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Owl's 'Critical Habitat' May Be Reduced

by Alison Williams

For the first time since coming under federal protection 15 years ago, the northern spotted owls' forest haven may be in jeopardy.

The U.S. Fish and Wildlife Service has proposed to decrease the owls' "critical habitat" by 1.5 million acres, or 22%.

The birds were listed as threatened under the Endangered Species Act in 1990, with the habitat designation coming two years later.

In 1994, the government adopted the Northwest Forest Plan to help protect the owls and the marbled murrelet, a tiny seabird that nests in large trees, as well as to safeguard old-growth forests and watersheds. Designed to allow some logging, the forest plan has been bitterly contested for years by the timber industry and industry-dependent rural communities.

Most of the critical habitat proposed to be reduced is in Oregon. Some is in Washington, and 97,000 acres of it is in Northern California - primarily in Del Norte, Shasta, Siskiyou and Trinity counties. The Northwest Forest Plan covers 24.5 million acres in the three states.

Logging companies say the reduction would allow them access to trees they are entitled to under the forest plan, which some experts say has not worked out as was intended.

"I've been disappointed that the plan became a lot more static than we intended it to be. It's been very difficult to get the timber yields out," said Jack W. Thomas, chief of the Forest Service from 1993 to 1996 and one of the architects of the Northwest Forest Plan.

But critics of the proposal say it is part of a broad strategy by the timber industry and a sympathetic Bush administration to undermine protection of old-growth forests and resident wildlife.

According to environmentalists, a coalition of industry, labor and rural counties have sued over the years to weaken aspects of the forest plan and administration officials have acquiesced despite the advice of scientific advisors.

Federal officials say there is a scientific basis for their policy changes, including the proposed reduction of owl habitat.

In coming up with the revision, said Fish and Wildlife Service spokeswoman Joan Jewett, its authors "didn't look at trying to save every single area that they didn't feel was essential to the recovery of the owl."

Two members of the scientific team analyzing the owl habitat issue said their work was largely rewritten by political appointees - over the scientists' objections.

"We know that the spotted owl populations are still declining, and it just is counterintuitive to continue reducing the amount of protected habitat," said Tim Cullinan, a wildlife biologist with the National Audubon Society in Washington state.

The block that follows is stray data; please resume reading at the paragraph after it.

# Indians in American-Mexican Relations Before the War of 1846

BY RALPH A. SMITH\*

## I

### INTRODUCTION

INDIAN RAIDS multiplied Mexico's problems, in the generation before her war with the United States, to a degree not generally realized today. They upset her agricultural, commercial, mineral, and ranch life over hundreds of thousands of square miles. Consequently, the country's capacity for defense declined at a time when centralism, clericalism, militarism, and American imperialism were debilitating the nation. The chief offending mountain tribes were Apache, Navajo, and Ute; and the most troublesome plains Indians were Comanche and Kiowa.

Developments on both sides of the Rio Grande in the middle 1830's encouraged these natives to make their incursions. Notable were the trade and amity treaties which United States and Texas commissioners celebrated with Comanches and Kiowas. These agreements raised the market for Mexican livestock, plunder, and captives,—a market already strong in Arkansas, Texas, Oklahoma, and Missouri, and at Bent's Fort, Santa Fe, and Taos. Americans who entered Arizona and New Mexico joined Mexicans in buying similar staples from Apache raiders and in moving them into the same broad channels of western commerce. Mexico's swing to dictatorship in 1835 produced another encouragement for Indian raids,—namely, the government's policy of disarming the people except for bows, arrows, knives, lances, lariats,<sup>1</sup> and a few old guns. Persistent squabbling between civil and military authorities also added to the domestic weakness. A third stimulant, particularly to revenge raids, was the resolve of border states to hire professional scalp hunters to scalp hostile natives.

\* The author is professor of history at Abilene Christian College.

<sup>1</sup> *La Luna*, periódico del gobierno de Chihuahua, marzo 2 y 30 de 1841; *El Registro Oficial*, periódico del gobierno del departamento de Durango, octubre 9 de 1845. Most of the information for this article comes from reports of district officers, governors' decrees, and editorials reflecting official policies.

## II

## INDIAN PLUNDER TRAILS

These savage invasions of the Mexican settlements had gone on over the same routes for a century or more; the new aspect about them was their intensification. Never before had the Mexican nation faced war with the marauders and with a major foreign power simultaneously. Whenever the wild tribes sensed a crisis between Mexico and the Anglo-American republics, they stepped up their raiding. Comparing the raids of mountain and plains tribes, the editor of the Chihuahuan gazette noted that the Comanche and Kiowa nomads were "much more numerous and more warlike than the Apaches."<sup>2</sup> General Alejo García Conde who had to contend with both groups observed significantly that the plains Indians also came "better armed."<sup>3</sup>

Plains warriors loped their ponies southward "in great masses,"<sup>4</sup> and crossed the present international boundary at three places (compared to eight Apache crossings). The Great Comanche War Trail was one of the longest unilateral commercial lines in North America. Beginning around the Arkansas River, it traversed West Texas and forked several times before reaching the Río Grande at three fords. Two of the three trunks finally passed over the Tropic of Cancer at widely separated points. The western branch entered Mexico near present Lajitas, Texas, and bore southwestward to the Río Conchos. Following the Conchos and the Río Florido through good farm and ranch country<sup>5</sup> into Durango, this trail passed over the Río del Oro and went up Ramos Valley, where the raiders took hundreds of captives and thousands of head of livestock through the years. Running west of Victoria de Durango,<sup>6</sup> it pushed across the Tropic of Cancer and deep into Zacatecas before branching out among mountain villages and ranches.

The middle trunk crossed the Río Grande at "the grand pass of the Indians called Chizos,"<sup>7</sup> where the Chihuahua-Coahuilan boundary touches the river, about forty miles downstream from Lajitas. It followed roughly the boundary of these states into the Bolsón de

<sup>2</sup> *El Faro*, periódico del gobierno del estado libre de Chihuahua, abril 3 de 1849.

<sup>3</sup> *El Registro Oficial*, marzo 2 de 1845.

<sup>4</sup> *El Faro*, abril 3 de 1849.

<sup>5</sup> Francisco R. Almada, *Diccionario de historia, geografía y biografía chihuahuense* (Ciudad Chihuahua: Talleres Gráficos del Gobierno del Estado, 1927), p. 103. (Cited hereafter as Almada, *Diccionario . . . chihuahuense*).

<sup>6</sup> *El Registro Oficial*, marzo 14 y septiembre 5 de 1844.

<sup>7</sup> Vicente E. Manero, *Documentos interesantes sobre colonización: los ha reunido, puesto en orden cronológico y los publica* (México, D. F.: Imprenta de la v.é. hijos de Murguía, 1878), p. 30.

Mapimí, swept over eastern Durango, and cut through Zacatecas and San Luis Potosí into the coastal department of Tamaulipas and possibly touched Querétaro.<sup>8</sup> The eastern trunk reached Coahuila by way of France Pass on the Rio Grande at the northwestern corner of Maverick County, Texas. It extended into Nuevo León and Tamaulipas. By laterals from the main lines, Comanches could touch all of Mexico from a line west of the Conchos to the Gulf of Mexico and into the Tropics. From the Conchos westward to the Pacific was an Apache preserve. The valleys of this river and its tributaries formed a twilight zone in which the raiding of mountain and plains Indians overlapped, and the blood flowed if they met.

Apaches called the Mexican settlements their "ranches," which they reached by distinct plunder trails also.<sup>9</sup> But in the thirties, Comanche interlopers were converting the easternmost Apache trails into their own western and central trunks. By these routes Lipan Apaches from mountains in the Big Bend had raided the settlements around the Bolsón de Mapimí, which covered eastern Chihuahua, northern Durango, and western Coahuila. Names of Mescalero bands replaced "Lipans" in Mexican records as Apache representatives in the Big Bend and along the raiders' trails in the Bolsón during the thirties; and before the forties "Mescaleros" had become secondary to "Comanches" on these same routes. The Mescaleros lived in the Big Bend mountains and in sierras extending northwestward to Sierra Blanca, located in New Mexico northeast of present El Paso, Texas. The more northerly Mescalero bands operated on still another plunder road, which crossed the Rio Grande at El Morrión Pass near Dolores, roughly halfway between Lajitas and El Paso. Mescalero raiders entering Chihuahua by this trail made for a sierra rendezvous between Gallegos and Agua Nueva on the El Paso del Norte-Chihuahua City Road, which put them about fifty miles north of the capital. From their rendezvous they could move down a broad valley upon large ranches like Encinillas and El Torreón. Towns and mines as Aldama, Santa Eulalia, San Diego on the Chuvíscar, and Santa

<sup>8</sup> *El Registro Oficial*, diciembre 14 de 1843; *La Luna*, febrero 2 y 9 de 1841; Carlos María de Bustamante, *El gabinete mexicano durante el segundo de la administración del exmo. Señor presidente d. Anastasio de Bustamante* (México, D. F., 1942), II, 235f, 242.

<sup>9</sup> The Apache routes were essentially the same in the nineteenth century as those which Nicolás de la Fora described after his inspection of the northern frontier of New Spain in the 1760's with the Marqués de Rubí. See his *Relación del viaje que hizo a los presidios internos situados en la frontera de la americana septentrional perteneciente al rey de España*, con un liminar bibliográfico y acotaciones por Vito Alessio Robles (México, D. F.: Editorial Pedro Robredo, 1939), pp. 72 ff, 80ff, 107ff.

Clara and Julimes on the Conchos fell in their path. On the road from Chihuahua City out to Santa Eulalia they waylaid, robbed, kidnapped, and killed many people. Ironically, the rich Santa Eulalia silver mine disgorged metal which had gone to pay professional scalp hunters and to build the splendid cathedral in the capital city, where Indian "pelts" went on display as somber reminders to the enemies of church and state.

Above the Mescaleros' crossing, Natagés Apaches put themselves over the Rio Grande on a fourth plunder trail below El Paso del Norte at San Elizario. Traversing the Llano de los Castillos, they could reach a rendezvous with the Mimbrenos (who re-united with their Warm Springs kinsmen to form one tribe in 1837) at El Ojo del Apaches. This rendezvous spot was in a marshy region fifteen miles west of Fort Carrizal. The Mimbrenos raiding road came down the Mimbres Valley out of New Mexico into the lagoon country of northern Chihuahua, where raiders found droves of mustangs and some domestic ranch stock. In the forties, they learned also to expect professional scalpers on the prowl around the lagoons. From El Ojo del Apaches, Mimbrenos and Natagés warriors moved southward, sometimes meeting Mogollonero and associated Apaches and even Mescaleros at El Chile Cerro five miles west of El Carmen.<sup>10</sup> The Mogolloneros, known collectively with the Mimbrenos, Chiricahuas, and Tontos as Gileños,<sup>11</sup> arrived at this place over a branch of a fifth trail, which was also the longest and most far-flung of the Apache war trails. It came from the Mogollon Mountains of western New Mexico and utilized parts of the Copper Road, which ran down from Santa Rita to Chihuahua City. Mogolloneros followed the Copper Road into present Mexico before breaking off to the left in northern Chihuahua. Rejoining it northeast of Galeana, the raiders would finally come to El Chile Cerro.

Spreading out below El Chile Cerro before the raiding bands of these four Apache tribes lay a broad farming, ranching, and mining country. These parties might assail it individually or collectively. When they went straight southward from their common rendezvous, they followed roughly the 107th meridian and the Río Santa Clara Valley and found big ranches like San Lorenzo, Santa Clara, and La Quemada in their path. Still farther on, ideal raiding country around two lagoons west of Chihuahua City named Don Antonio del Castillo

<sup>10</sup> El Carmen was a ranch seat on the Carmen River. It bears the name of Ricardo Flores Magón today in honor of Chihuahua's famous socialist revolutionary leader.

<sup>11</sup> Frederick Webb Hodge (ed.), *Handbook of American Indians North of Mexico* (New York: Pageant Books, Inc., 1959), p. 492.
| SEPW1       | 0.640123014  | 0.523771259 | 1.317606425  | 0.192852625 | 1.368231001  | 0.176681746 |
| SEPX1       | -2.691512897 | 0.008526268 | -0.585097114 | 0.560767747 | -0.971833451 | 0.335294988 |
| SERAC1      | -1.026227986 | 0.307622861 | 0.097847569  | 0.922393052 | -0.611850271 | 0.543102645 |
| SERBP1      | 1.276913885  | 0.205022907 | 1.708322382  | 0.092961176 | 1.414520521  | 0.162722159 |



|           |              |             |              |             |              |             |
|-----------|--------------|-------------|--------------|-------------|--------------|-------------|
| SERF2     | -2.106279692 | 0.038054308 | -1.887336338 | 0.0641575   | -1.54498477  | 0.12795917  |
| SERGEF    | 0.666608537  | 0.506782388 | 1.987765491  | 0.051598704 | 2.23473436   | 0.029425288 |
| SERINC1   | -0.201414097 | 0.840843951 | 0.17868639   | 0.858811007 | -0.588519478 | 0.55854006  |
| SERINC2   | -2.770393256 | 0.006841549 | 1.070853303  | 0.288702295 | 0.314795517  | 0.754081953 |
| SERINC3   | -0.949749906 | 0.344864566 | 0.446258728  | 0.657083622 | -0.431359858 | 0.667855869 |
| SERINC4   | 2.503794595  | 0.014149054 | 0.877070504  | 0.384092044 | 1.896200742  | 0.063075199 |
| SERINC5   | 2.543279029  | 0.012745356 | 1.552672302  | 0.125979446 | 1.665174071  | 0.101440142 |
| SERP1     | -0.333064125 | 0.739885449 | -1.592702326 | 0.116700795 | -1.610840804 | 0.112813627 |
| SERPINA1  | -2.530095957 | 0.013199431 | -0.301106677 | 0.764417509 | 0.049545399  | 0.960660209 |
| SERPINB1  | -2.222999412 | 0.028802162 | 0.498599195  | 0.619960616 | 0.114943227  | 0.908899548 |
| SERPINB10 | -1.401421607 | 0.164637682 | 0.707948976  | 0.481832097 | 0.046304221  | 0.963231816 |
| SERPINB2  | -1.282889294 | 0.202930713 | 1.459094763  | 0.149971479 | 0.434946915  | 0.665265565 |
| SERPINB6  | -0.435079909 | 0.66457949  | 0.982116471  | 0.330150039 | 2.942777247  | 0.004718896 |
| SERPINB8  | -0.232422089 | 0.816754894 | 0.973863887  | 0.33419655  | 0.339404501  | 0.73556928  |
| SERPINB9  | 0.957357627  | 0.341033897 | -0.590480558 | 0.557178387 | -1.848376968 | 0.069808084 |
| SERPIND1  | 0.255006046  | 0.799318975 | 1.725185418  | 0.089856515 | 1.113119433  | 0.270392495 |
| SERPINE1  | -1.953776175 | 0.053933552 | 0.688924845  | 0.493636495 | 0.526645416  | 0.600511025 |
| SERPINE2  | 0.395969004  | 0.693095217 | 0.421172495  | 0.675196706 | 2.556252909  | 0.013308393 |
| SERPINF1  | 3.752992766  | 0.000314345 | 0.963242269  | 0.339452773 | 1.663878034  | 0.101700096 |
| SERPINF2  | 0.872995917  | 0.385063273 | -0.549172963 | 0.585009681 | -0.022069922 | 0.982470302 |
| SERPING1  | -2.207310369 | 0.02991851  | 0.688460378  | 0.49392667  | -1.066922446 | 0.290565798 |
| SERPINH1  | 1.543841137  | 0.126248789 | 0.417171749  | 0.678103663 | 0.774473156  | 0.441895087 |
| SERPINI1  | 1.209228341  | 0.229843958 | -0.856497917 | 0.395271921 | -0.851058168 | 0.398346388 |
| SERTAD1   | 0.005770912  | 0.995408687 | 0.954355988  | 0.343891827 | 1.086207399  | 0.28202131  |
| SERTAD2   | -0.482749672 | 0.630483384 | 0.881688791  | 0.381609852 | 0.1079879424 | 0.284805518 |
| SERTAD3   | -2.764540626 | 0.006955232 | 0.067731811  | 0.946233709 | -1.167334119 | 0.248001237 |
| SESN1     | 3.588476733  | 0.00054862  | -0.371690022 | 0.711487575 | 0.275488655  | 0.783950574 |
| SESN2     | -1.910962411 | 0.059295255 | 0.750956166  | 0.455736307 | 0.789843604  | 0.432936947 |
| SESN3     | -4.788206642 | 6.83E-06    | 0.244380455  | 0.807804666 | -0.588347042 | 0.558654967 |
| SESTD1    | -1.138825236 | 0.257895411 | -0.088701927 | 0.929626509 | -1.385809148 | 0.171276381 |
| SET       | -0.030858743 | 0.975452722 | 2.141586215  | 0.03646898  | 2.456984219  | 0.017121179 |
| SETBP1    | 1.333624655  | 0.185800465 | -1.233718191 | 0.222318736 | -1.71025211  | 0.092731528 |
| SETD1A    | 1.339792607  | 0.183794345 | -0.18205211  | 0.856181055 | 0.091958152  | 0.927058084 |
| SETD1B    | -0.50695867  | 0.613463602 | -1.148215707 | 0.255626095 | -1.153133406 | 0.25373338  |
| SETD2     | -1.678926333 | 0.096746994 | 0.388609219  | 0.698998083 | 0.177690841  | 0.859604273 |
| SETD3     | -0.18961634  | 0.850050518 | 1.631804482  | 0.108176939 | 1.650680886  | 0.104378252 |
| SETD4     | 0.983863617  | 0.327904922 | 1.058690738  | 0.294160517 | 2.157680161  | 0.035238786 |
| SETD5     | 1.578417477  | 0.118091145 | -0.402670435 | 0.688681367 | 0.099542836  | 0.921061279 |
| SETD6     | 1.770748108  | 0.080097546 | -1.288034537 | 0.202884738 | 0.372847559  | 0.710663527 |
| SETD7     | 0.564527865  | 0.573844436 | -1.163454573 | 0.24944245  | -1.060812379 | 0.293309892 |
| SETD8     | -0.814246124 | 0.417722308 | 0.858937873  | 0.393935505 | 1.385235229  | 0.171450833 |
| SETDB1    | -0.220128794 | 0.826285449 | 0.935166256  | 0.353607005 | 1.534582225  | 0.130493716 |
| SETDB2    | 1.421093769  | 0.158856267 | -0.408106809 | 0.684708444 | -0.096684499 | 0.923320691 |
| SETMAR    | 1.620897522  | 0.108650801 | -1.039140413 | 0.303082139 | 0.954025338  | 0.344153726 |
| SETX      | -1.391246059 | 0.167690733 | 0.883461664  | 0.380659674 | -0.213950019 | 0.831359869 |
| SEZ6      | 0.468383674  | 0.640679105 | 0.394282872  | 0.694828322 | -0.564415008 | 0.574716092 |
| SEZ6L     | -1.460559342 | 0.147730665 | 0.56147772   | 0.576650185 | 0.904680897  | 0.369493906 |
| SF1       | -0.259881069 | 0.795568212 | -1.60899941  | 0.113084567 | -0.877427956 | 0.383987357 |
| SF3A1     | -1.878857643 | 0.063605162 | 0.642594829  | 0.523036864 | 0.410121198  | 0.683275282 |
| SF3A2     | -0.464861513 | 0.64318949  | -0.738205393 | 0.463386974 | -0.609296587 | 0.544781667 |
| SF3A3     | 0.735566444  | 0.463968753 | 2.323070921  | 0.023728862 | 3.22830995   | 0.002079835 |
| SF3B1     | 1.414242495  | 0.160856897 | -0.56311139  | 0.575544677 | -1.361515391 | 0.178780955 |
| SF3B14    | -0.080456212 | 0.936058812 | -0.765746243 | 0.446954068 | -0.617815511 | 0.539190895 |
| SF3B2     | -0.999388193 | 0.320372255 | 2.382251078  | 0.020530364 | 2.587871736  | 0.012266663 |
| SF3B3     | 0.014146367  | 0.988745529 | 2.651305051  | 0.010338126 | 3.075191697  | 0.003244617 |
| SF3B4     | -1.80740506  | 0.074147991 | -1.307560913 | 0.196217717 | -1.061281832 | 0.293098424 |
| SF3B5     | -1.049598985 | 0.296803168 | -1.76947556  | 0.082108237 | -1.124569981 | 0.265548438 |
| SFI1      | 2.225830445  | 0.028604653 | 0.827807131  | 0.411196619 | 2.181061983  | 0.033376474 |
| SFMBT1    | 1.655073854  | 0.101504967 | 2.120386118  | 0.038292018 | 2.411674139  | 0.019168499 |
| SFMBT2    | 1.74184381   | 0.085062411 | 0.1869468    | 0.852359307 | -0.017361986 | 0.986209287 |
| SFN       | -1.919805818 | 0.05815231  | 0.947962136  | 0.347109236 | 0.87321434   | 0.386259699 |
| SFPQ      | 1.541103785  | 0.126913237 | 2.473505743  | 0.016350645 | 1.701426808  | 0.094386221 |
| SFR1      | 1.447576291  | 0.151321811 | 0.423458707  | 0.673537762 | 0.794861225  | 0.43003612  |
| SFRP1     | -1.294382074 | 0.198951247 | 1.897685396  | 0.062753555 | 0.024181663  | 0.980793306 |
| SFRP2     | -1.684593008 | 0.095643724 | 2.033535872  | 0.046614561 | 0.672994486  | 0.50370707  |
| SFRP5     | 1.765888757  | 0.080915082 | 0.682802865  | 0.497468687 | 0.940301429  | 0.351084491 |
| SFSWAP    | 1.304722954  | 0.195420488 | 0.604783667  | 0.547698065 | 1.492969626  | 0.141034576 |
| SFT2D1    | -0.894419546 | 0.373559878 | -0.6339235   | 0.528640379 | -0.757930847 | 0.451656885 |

Cullinan and Dominick DellaSala, an environmental scientist with the National Center for Conservation Science and Policy, said they were required to weaken their original proposal by an oversight committee whose members included Mark Rey, the Agriculture Department's undersecretary for natural resources.

In an interview with The Times, Rey maintained that the conclusions of the scientists were included.

Environmentalists critical of federal policies also point to an Oregon attorney who, after representing the timber industry in legal challenges, became a federal lawyer who helped craft policy consistent with industry demands.

From 1994 to 2002, timber companies and county governments filed lawsuits that sought, among other things, to reduce owl habitat and to eliminate a mandatory survey designed to identify and protect about 400 types of forest wildlife and vegetation in areas available for logging.

Mark Rutzick of Portland, Ore., represented logging interests in five of the lawsuits, including one that called for weakening protection of salmon streams.

In early 2003, Rutzick became an advisor to the general counsel of the National Oceanic and Atmosphere Administration. Documents show that at NOAA, he helped lay the groundwork for changes in the federal aquatic conservation strategy to protect salmon streams.

Michael Tehan, a NOAA official in Oregon, said that although Rutzick was involved, "it wasn't his idea and it wasn't the industry dictating what was being done.... The industry had suggested some sweeping changes at the same time we were deliberating and contemplating them ourselves."

Rutzick, via e-mail, declined to comment.

By 2004, the administration had agreed to a number of changes in Northwest forest policies sought in court by the timber industry.

"The Bush administration has turned over the national forest and the national endangered species program to the timber industry," said Kieran Suckling, policy director of the Center for Biological Diversity, an environmental conservation group.

"Rutzick is the clearest example of this extraordinary disregard for the basic principles of government," he said.

Rutzick, who left the government, is back representing the timber industry. In March, he filed a lawsuit over marbled-murrelet policy on behalf of the American Forest Resource Council, an industry group. The suit is based on the Bush administration's proposed changes to Endangered Species Act regulations, which had not been made public.

In May, House Natural Resources Committee Chairman Nick J. Rahall II (D-W.Va.) sent a letter to the inspectors general of the Interior and Commerce departments asking: "Could you please inquire how the American Forest Resource Council obtained a copy of the regulation?"

Environmental groups have sued successfully to block some terms of settlements arising from timber industry cases. Courts have thrown out the administration's changes to the mandatory survey and to the aquatic conservation strategy.

alison.williams@latimes.com

Copyright 2007 Los Angeles Times

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